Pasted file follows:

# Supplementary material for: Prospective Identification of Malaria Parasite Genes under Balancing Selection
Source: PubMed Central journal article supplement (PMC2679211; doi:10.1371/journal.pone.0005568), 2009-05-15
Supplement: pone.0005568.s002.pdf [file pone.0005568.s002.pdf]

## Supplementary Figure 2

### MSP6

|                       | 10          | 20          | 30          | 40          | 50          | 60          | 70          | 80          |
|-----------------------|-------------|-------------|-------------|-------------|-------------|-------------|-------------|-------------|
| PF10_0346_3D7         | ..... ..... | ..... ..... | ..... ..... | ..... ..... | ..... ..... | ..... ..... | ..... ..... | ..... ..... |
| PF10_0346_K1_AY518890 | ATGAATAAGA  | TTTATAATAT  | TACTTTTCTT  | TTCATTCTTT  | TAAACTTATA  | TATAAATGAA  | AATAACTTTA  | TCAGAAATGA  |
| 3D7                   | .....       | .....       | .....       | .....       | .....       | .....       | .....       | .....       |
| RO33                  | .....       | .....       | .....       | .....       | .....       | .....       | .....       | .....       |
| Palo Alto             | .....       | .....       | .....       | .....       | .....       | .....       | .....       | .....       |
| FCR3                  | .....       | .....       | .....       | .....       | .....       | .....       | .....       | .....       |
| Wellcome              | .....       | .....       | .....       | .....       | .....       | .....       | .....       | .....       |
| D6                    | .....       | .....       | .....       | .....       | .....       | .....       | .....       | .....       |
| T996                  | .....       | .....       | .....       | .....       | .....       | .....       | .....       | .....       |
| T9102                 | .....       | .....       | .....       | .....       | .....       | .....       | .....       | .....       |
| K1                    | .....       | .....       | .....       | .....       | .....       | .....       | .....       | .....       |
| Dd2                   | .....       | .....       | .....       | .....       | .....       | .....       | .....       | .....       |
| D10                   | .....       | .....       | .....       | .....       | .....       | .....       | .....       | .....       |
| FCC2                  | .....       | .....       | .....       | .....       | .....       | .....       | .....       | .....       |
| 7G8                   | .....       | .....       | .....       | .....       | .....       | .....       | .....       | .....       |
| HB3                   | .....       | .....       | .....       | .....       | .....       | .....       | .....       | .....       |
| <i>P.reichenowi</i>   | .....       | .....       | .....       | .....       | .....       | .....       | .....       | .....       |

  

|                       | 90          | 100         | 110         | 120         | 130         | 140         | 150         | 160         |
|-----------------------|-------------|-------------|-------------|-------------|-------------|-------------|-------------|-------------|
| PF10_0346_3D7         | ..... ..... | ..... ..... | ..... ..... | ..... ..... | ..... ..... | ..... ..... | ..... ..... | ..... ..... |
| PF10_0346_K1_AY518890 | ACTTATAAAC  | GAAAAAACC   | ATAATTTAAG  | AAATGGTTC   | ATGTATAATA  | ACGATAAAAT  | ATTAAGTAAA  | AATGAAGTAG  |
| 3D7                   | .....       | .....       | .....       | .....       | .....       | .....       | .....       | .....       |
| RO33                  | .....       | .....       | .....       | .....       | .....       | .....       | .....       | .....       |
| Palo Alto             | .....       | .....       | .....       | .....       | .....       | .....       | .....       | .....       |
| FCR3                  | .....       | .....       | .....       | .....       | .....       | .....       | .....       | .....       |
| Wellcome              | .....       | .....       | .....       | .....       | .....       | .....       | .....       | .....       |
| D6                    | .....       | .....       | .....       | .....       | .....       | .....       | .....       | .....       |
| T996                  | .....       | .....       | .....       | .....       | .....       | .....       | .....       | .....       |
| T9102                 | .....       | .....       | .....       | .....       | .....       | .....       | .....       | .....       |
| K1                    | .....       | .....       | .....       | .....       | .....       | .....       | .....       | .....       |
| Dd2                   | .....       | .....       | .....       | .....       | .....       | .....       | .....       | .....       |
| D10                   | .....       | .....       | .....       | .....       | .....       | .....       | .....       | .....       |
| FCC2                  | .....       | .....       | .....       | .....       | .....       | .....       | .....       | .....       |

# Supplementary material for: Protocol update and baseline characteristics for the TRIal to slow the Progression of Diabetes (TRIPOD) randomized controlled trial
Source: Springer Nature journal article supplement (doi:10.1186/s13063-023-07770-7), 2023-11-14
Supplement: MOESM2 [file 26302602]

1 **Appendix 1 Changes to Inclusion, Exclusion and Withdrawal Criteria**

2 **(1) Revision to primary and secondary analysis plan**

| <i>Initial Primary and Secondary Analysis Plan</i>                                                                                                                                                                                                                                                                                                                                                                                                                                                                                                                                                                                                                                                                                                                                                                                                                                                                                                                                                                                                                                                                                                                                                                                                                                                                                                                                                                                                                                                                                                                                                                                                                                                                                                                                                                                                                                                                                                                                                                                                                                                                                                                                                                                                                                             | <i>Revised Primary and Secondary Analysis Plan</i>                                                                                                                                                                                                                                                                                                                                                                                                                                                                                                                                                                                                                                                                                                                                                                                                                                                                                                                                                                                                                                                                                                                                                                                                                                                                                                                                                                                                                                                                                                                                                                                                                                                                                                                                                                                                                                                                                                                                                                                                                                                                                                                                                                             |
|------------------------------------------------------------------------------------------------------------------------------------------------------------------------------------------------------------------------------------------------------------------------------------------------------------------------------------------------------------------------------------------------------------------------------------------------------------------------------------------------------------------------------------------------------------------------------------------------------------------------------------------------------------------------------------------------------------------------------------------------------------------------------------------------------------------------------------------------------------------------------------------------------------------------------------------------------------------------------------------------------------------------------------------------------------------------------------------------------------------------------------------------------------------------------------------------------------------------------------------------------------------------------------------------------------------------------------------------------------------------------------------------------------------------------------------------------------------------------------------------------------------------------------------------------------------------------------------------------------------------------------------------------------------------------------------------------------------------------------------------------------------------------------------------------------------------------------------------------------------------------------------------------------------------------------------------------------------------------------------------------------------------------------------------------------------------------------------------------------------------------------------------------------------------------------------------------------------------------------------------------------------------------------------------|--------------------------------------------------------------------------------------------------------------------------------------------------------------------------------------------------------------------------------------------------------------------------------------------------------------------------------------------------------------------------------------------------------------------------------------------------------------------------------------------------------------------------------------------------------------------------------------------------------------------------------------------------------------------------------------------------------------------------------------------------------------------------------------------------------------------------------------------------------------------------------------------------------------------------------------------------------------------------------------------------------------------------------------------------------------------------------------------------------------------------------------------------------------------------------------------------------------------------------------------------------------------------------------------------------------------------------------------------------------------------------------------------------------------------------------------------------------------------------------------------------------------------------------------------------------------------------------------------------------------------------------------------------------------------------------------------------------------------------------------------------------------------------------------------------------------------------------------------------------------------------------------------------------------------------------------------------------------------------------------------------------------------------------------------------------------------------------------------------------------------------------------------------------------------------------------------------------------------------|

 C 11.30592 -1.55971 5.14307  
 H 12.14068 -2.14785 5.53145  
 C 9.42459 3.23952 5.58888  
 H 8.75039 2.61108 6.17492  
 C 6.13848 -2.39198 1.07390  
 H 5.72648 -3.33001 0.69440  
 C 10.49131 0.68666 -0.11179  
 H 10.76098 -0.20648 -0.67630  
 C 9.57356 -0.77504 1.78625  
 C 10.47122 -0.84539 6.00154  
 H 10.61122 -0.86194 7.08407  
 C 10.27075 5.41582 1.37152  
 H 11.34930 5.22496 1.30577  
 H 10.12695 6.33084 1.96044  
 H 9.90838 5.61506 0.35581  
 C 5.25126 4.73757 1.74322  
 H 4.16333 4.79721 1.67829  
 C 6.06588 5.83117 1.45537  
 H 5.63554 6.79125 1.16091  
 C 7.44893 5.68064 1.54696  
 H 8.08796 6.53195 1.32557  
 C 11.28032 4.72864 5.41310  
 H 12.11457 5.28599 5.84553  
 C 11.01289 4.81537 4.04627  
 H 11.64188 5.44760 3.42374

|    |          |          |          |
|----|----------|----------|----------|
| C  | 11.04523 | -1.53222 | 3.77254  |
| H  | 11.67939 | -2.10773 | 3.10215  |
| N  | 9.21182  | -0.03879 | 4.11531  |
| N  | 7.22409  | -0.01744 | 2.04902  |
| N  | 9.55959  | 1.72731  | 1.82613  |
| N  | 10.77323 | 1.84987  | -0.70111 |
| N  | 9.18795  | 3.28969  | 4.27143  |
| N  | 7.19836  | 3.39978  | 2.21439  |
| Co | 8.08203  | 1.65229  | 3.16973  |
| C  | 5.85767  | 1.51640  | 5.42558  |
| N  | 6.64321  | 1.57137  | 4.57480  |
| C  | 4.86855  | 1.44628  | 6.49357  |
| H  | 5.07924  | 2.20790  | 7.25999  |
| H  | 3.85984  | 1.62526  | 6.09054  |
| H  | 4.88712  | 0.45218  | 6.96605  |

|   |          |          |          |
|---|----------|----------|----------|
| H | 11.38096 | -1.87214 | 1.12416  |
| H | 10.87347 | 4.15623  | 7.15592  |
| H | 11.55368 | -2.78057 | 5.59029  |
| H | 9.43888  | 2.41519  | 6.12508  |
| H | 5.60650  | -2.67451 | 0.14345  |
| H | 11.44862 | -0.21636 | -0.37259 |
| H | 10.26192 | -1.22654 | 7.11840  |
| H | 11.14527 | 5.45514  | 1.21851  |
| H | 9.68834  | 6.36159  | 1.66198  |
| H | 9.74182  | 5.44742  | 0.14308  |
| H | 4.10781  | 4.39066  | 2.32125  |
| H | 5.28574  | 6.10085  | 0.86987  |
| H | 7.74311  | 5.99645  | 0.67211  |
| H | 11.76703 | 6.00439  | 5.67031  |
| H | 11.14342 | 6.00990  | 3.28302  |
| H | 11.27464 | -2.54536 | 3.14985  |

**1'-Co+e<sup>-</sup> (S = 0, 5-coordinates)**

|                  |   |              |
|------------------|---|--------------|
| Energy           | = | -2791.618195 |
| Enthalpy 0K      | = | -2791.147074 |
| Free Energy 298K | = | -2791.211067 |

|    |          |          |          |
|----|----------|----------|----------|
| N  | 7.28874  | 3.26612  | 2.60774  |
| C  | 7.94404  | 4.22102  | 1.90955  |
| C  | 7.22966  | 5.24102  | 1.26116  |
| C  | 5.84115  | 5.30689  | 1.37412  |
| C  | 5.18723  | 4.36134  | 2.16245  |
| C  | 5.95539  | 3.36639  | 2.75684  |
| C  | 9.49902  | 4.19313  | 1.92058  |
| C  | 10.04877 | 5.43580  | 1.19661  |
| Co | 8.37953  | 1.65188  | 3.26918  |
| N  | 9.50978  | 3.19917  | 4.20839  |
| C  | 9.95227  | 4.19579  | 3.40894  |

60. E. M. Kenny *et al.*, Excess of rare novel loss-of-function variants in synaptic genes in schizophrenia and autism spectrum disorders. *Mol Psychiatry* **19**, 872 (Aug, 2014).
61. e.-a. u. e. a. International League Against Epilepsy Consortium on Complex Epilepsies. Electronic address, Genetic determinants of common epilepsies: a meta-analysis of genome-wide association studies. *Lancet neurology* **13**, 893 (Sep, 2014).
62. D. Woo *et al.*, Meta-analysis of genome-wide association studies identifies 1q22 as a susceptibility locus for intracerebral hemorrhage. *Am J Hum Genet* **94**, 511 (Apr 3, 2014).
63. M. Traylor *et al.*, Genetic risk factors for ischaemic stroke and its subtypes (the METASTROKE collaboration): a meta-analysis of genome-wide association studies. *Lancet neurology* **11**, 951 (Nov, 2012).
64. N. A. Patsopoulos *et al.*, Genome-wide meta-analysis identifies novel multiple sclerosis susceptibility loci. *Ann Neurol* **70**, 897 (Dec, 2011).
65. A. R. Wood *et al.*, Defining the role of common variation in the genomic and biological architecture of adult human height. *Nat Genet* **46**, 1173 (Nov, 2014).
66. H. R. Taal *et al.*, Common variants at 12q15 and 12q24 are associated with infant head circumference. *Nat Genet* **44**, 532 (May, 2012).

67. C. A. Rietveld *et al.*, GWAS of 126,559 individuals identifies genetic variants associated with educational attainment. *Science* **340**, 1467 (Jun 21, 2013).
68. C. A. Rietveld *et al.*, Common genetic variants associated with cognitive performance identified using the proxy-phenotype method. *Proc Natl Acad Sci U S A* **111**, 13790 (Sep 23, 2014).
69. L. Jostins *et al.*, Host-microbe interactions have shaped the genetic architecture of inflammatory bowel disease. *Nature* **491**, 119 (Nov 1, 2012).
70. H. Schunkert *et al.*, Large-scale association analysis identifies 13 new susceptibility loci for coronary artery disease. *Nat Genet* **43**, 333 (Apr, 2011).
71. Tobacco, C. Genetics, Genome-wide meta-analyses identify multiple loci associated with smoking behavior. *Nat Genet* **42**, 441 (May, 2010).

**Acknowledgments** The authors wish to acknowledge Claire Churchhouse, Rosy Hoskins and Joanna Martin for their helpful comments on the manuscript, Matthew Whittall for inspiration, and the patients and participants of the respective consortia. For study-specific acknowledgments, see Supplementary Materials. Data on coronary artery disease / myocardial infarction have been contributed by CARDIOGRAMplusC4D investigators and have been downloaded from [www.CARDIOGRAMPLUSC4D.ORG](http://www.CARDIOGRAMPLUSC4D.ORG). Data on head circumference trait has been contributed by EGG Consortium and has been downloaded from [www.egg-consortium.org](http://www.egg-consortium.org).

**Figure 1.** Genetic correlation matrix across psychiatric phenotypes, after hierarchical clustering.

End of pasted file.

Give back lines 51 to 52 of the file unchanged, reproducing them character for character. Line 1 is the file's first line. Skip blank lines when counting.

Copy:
 H 8.75039 2.61108 6.17492  
 C 6.13848 -2.39198 1.07390  